City Desk

D.C.: Informer‘s Ad Pitch Focused Too Much on Black Readers

D.C.'s Office of the Chief Financial Officer has released a statement on why the Washington Informer lost out on a city ad contract, which went to the Washington Times. According to the city, the Informer's argument that it could help the city reach black readers disqualified it as a "newspaper of general circulation."

Informer Publisher Denise Rolark Barnes filed a complaint last week, initially reported by the Washington Business Journal, alleging that the paper had been denied the contract because of its coverage of black Washingtonians.

According to the CFO's office, the Informer's pitch for the contract described the paper as the "absolute best way to reach the African American Community." This wasn't much use to the CFO's office, according to their statement, because they wanted the ad to be read by all Washingtonians.

"The purpose of publishing the unclaimed property listing is to reach as wide an audience as possible crossing all demographics, not simply target a specific one," the CFO's statement reads.

Rolark Barnes did not respond to a request for comment. While the Informer has won ad contracts from the city that involved multiple outlets in the past, the CFO's office said in the statement that budget concerns meant only one paper could receive this contract.

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Comments

  1. Jacqui Adams-Austin
    #1

    "The purpose of publishing the unclaimed property listing is to reach as wide an audience as possible crossing all demographics, not simply target a specific one," the CFO's statement reads. The CFO has still made a bad decision. There are not many African-American in DC that read the Washington Times. The Washington Times' " Washington Examiner" cannot be picked up at Metro Stations in majority black communities: Deanwood Minnesota Avenue, Congress Heights, Capital Heights, Addison Road, or Anacostia. They are not concern with reaching out to the African-American Community; they mainly reach out to the Caucasian; so what is the difference? Why were they chosen if they do the same thing; just a different racial group.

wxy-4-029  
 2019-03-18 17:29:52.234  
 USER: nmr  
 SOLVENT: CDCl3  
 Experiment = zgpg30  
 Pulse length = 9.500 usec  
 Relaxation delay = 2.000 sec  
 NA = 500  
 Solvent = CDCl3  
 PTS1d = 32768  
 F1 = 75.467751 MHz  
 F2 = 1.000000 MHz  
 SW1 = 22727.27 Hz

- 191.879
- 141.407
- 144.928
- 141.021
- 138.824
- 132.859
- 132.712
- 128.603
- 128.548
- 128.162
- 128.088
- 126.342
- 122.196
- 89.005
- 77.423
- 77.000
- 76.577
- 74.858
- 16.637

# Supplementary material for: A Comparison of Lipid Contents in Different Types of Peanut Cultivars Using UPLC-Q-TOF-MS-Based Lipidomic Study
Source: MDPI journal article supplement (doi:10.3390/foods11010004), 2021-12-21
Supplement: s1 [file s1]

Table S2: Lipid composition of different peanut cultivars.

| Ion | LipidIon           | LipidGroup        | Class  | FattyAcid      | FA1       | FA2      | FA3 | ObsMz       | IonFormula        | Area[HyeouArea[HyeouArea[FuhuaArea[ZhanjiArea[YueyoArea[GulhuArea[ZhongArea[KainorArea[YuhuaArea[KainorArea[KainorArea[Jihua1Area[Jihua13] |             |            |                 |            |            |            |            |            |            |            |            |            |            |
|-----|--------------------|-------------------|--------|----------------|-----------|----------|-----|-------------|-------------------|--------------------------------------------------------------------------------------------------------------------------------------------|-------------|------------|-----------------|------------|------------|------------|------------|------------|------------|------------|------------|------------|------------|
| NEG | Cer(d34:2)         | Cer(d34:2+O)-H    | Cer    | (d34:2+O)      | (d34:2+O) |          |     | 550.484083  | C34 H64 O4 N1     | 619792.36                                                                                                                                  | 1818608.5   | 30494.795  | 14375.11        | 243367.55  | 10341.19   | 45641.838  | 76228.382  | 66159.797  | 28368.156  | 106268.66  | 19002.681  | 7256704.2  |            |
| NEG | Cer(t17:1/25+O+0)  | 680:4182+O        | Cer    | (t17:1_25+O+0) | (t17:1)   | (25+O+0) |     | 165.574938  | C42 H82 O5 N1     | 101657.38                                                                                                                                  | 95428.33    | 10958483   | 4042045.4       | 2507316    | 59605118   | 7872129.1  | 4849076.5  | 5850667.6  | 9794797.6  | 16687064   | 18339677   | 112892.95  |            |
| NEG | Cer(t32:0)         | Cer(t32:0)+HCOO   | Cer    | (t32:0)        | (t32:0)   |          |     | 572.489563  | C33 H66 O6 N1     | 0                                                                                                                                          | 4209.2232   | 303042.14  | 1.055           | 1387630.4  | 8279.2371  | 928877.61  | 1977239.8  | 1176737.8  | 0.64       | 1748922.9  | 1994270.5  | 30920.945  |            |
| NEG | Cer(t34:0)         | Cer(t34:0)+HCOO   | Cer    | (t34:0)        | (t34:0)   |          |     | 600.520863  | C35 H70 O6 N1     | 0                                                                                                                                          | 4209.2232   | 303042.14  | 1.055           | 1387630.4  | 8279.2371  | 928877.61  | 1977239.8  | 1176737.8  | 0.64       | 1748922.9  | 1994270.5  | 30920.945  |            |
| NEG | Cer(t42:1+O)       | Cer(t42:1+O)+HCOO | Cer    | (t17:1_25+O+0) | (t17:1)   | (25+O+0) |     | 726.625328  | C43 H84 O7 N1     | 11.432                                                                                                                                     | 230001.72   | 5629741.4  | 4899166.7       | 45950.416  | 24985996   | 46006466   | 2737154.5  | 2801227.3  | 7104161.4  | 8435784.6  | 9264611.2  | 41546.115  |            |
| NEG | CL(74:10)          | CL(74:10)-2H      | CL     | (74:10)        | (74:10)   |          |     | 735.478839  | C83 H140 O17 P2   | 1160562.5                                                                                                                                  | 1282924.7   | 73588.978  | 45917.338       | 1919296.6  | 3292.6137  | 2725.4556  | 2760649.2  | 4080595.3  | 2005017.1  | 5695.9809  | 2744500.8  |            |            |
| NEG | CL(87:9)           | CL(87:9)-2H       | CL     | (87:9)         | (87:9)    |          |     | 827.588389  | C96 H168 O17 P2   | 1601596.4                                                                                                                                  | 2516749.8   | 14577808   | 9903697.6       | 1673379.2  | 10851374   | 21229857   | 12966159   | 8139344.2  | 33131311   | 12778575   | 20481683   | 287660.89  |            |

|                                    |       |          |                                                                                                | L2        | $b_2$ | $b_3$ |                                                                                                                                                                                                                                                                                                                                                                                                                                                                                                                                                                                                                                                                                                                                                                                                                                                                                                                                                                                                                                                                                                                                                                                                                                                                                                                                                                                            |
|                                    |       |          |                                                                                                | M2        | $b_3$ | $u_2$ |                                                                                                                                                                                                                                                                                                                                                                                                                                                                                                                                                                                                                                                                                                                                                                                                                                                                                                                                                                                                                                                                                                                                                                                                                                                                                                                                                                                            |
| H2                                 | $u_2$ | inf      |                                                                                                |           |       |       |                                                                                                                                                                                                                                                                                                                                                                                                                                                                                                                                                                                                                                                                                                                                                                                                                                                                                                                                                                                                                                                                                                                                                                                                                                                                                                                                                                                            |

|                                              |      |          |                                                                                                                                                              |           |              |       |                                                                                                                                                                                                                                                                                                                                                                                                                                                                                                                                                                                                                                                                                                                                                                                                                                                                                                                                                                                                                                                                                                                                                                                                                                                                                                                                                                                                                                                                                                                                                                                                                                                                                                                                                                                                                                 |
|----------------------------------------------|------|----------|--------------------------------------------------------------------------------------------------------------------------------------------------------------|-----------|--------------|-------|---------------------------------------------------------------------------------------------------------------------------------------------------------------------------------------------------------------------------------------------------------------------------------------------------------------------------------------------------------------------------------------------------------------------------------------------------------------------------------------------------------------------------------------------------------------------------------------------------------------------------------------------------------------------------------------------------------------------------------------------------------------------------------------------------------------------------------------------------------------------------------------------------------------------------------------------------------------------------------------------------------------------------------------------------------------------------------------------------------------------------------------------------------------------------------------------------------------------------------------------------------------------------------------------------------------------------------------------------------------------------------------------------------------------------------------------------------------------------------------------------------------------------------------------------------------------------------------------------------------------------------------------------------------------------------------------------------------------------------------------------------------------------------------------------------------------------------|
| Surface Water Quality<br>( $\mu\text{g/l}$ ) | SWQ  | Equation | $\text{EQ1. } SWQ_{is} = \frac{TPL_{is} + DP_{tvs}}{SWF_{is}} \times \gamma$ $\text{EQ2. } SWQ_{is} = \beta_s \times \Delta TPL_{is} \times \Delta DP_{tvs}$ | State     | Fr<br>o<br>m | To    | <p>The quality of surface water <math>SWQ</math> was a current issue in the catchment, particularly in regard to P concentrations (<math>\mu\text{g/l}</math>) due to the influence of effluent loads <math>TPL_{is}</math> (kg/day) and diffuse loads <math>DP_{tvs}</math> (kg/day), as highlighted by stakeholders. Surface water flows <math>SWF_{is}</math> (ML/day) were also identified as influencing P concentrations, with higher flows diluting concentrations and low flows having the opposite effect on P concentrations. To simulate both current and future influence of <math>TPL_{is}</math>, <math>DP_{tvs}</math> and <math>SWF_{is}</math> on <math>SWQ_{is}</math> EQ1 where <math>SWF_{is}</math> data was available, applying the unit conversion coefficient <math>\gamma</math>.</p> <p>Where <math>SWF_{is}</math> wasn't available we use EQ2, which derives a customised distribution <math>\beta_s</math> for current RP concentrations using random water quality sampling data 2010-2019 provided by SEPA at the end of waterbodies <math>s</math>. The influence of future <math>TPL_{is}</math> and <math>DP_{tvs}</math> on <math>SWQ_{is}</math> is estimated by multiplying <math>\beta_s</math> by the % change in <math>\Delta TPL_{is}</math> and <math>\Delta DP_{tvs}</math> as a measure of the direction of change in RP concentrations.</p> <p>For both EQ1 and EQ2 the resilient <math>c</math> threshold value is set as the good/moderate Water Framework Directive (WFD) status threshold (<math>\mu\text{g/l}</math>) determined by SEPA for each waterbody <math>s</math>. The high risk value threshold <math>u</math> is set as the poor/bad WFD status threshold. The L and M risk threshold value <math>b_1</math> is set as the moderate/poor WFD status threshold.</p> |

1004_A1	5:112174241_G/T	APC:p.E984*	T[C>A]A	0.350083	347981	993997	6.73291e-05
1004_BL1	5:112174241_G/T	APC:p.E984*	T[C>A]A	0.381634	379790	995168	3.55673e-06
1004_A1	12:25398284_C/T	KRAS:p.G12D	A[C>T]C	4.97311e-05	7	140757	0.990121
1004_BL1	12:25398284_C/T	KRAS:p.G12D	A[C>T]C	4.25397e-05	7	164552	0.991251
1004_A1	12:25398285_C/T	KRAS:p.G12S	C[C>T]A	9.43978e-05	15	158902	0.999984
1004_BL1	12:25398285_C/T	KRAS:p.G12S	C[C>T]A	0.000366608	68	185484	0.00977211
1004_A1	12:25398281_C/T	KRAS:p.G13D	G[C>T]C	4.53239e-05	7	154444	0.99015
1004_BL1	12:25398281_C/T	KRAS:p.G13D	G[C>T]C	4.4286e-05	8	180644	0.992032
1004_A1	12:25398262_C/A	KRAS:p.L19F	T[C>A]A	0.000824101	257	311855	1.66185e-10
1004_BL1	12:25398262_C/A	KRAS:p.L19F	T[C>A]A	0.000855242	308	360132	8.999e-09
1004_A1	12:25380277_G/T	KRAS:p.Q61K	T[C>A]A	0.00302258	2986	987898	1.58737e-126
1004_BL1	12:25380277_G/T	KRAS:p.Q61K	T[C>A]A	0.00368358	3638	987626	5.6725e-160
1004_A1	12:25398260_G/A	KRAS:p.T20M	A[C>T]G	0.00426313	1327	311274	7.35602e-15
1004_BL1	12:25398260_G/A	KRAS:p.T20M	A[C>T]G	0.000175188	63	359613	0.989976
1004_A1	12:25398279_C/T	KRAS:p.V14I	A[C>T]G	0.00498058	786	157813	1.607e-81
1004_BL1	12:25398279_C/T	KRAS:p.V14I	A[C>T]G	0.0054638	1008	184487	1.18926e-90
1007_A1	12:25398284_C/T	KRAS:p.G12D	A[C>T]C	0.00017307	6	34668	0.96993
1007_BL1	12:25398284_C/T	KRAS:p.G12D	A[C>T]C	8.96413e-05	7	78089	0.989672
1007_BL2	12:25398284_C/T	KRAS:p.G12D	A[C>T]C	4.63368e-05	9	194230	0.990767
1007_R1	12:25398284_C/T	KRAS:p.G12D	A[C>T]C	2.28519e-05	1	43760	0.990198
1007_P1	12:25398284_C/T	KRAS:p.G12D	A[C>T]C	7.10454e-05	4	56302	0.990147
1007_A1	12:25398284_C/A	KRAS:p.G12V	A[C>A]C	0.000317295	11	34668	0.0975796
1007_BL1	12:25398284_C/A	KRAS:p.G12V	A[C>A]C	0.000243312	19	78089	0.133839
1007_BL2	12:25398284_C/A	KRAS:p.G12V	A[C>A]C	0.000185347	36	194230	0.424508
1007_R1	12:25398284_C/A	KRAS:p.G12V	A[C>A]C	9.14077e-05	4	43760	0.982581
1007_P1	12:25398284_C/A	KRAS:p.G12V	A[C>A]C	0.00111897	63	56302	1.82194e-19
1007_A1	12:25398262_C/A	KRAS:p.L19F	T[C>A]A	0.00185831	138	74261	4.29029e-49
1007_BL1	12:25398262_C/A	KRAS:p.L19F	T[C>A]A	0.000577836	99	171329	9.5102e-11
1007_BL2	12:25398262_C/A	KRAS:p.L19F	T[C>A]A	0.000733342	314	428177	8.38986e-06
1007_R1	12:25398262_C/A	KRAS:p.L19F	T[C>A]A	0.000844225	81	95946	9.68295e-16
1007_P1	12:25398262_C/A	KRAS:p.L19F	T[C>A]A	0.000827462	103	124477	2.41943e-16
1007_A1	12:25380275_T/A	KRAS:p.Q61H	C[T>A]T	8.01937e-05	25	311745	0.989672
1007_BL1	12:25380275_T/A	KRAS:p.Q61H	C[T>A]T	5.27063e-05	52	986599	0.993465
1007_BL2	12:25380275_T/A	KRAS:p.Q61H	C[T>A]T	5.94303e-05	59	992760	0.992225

2. #2

    Seems that they are better at paper work.

  3. #3

    As a caucasian, I must disagree with one point that Jacqui states; to wit, the Washington Times does not "...mainly reach out to the Caucasian..."
    It mainly reaches out to the Right Wing.

    Other than that, I agree. If someone wanted to reach the widest reading audience, it should go to the paper with the largest circulation, and not be put up for bids. If it wants to reach everyone, it should have tried to go for the greatest coverage of ALL demographics and gone for multiple outlets.

    And, if they really wanted to save money, they could have put a smaller ad, giving a web site address, and then printing some lists and having them at every public library for $1.

  4. iknewthehellbetter
    #4

    @Aaron - points well expressed and thoughtful.

  5. #5

    If I'm reading a local paper owned by some out-of-town freakazoid far-right-wing billionaire, I'm going with the 'Zaminer. More people (many, many more) in DC read the NY Times than the Moonie Times.

  6. #6

    So what about those of us that do not read the Washington Times and do not consider it a paper of general readership. A lot of people, including white people, read the Informer.

  7. Al-Malik Farrakhan
    #7

    The Washington Informer Newspaper does carry news that appeal to a cross section of readers. And might I add that reporters have been very supportive in covering stories on my organization, Cease Fire ... Don't Smoke the Brothers and Sisters, Inc.

    Due to my demanding schedule today, I will not be able to attend today's meeting but do hope that my comment here will serve as a voice of support for The Washington Informer, a newspaper that is just as deserving of major ads as any mainstream news publications.

    Al-Malik Farrakhan, Founder and Executive Director,
    Cease Fire ... Don't Smoke the Brothers and Sisters, Inc.

  8. #8

    The Washington Times does not reach a crossing of demographics. The paper, and its advertisers, target right-wing Caucasians. However, the Informer does not reach anyone. Very few African Americans read the Informer. Using tax-payers money to advertise in the Informer is criminal.

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